Yesterday was the hottest day of the year so far in central London.

Twitter user @bitoclass was out yesterday on the New Bus For London on route 24 with a thermometer – it’s all the rage now, dahlings!

ITV’s Simon Harris was out on a 38 again today with his thermometer:



This morning, I was out on the New Bus For London prototype on route 38, the 09:37 from Victoria. The prototypes are now running permanently as driver-only, so no “conductor” and no running with the back door open in-between stops.

I sat upstairs at the back, there was a trickle of cool air from the air vents in the ceiling. Temperature as we left Victoria, 26.1°C. The temperature continued to rise as the bus crawled along (these buses “run faster” according to TfL’s Leon Daniels) and by the time it reached Shaftesbury Avenue the thermometer showed 33.7°C:

I left the bus at Shaftesbury Avenue; there was very hot, stale air hanging in the rear staircase and when I got off the bus I could smell the exhaust, which reeked of burning plastic. The engine had been running since we left Victoria – the battery obviously hadn’t received enough charge for it to take over. The rearmost part of the back door didn’t open, as was the case when I travelled on one of the prototypes on route 38 last week, so this must be a permanent feature when the buses operate in driver-only mode:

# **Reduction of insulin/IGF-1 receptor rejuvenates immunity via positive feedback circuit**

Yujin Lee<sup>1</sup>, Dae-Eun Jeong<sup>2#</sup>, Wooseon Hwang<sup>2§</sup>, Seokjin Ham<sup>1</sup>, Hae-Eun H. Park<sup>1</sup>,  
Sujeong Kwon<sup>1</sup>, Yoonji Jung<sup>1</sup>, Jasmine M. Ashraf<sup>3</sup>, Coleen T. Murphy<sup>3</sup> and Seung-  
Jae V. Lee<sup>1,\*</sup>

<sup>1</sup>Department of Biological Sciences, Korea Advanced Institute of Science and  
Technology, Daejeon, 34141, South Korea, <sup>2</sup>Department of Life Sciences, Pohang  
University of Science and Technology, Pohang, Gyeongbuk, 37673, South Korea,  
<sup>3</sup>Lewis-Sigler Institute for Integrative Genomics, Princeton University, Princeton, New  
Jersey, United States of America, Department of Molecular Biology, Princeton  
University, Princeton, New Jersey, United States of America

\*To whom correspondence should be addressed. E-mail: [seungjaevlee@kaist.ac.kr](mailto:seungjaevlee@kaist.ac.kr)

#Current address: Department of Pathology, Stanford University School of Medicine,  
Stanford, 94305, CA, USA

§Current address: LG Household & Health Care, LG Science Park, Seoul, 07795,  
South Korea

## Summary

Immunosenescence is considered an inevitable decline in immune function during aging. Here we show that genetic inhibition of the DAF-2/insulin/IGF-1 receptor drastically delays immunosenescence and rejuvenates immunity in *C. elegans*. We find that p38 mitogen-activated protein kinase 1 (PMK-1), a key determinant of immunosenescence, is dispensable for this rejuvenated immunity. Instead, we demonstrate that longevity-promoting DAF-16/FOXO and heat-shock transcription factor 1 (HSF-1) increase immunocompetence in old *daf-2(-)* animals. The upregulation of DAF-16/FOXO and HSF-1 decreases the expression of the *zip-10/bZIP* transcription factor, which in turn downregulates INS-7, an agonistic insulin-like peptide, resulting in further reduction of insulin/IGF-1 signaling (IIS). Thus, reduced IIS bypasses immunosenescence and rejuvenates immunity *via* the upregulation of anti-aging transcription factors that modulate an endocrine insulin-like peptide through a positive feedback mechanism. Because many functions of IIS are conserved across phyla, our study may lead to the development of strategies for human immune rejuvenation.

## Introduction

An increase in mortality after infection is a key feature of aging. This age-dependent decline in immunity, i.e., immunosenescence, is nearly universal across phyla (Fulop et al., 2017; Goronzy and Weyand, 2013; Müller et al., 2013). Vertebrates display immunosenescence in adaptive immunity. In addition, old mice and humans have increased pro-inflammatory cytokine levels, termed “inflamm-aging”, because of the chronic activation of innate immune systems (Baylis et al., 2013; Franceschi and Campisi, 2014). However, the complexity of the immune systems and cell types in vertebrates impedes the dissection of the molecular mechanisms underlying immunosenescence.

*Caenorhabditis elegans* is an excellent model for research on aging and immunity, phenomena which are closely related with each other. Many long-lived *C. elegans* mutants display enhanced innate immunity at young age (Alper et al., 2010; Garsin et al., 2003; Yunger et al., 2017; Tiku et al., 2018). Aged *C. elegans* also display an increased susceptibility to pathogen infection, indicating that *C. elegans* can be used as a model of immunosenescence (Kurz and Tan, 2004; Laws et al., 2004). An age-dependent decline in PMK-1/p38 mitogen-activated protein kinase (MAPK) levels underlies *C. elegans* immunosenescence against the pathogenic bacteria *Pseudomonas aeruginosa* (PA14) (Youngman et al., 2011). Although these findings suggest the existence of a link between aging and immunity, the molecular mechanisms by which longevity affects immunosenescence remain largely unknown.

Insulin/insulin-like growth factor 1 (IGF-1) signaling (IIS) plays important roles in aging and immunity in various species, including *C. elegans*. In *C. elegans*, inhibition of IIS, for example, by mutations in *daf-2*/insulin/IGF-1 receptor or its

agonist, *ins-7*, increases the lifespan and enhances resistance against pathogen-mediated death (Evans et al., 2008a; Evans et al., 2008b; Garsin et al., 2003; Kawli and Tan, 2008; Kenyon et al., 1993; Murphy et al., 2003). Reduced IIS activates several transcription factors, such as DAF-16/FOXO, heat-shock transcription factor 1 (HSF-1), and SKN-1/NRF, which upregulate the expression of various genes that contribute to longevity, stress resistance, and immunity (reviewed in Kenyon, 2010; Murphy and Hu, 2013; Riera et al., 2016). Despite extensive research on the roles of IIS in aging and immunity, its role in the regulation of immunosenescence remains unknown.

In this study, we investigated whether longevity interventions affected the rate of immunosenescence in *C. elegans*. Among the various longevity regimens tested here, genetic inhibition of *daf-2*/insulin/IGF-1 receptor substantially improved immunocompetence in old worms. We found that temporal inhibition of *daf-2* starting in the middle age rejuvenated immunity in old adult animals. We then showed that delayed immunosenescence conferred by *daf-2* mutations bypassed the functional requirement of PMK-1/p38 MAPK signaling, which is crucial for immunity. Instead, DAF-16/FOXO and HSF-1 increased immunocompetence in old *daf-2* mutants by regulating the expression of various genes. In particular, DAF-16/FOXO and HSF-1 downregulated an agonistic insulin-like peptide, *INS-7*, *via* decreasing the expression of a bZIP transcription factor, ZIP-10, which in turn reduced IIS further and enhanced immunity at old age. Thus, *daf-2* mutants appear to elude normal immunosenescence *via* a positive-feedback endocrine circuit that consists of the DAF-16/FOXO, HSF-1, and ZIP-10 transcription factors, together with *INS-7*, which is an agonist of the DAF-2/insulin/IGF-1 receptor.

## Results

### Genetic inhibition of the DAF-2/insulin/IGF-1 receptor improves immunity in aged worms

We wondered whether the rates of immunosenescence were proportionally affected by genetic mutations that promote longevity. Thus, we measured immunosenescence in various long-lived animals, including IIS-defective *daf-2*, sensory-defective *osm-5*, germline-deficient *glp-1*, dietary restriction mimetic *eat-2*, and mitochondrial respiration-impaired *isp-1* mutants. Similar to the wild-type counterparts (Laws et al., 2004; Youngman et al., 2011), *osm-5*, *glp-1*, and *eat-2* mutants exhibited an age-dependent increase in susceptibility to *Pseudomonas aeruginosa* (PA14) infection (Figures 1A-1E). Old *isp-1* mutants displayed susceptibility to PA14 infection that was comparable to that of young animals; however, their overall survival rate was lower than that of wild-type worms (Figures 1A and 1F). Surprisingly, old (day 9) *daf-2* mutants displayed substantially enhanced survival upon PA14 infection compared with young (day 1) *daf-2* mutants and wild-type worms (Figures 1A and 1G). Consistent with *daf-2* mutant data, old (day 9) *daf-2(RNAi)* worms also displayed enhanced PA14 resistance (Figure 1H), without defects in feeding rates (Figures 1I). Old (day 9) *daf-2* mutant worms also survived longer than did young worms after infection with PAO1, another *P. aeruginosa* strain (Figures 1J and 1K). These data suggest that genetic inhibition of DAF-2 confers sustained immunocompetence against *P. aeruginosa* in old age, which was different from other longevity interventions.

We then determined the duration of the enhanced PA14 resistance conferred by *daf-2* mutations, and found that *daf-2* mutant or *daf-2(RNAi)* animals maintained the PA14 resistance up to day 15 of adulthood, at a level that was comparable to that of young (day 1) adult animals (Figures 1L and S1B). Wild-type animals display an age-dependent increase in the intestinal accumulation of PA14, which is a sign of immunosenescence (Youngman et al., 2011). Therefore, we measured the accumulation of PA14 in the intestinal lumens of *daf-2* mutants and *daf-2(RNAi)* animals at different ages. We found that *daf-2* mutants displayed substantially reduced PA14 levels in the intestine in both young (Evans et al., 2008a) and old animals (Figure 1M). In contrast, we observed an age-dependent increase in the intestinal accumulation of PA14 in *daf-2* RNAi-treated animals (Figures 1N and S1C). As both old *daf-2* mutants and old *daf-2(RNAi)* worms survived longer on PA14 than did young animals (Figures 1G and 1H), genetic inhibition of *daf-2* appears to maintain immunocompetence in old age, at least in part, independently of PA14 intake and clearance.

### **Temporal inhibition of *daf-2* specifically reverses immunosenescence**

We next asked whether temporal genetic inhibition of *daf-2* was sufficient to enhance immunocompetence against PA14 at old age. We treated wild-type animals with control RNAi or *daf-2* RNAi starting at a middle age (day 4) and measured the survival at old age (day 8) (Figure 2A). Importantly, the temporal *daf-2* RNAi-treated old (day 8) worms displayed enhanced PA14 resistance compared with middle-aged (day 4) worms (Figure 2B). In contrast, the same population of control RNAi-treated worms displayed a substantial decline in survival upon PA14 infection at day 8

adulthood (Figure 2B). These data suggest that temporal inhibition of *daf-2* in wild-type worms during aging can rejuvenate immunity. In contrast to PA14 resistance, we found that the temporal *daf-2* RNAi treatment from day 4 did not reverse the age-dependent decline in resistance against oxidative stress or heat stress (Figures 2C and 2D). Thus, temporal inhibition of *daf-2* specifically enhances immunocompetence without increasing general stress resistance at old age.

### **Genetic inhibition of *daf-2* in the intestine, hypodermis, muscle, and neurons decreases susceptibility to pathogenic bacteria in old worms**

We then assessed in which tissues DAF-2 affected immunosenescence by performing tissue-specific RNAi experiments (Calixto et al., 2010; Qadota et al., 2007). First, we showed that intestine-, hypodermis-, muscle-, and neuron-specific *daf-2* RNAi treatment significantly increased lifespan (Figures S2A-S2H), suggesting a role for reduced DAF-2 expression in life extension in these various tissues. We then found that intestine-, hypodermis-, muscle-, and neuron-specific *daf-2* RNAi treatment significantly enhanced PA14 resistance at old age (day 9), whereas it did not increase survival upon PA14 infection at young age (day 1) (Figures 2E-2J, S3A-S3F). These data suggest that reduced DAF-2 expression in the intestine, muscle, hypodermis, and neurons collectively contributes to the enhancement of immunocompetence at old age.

This creates conflict between passengers coming down the rear stairs who want to alight, passengers who want to alight from the lower deck and passengers who want to board the bus – half of the doorway is blocked. The production models on route 24 also run as driver-only after 7pm so they will suffer the same problem.

10:40am, I boarded LT9 on route 24 towards Hampstead. Upstairs, cool air was trickling from the vents, the bus felt significantly cooler and the lights were off, the first time I’d seen that – is there a connection between having the lights on and an increase in temperature inside the bus?

25.9°C at Cambridge Circus. 26.1°C at Tottenham Court Road. The iBus “next stop” display had been stuck at Warren Street Station since I boarded at Trafalgar Square and there had been no audio announcements – it suddenly started working at this point. 26.9°C was the maximum temperature I recorded on that journey from Trafalgar Square to the Hampstead Terminus – considerably cooler than the prototype on route 38, yet the day was getting hotter.

12:05pm, I boarded LT28 at the Hampstead terminus, bound for Pimlico. Upstairs, the lights were off – again. Temperature 25.2°C. As we reached Grafton Terrace, the audio announcement informed us that the bus was terminating early, at Warren Street. Cold comfort for anybody waiting for a 24 at the Pimlico terminus as I’d watched two previous 24s leave Hampstead bound for Warren Street, another for Parliament Square and another for Tottenham Court Road. The conductor also came upstairs to tell us that that bus was terminating early, which was nice, but really not worth an extra £60,000-odd each year on the operating costs of each bus.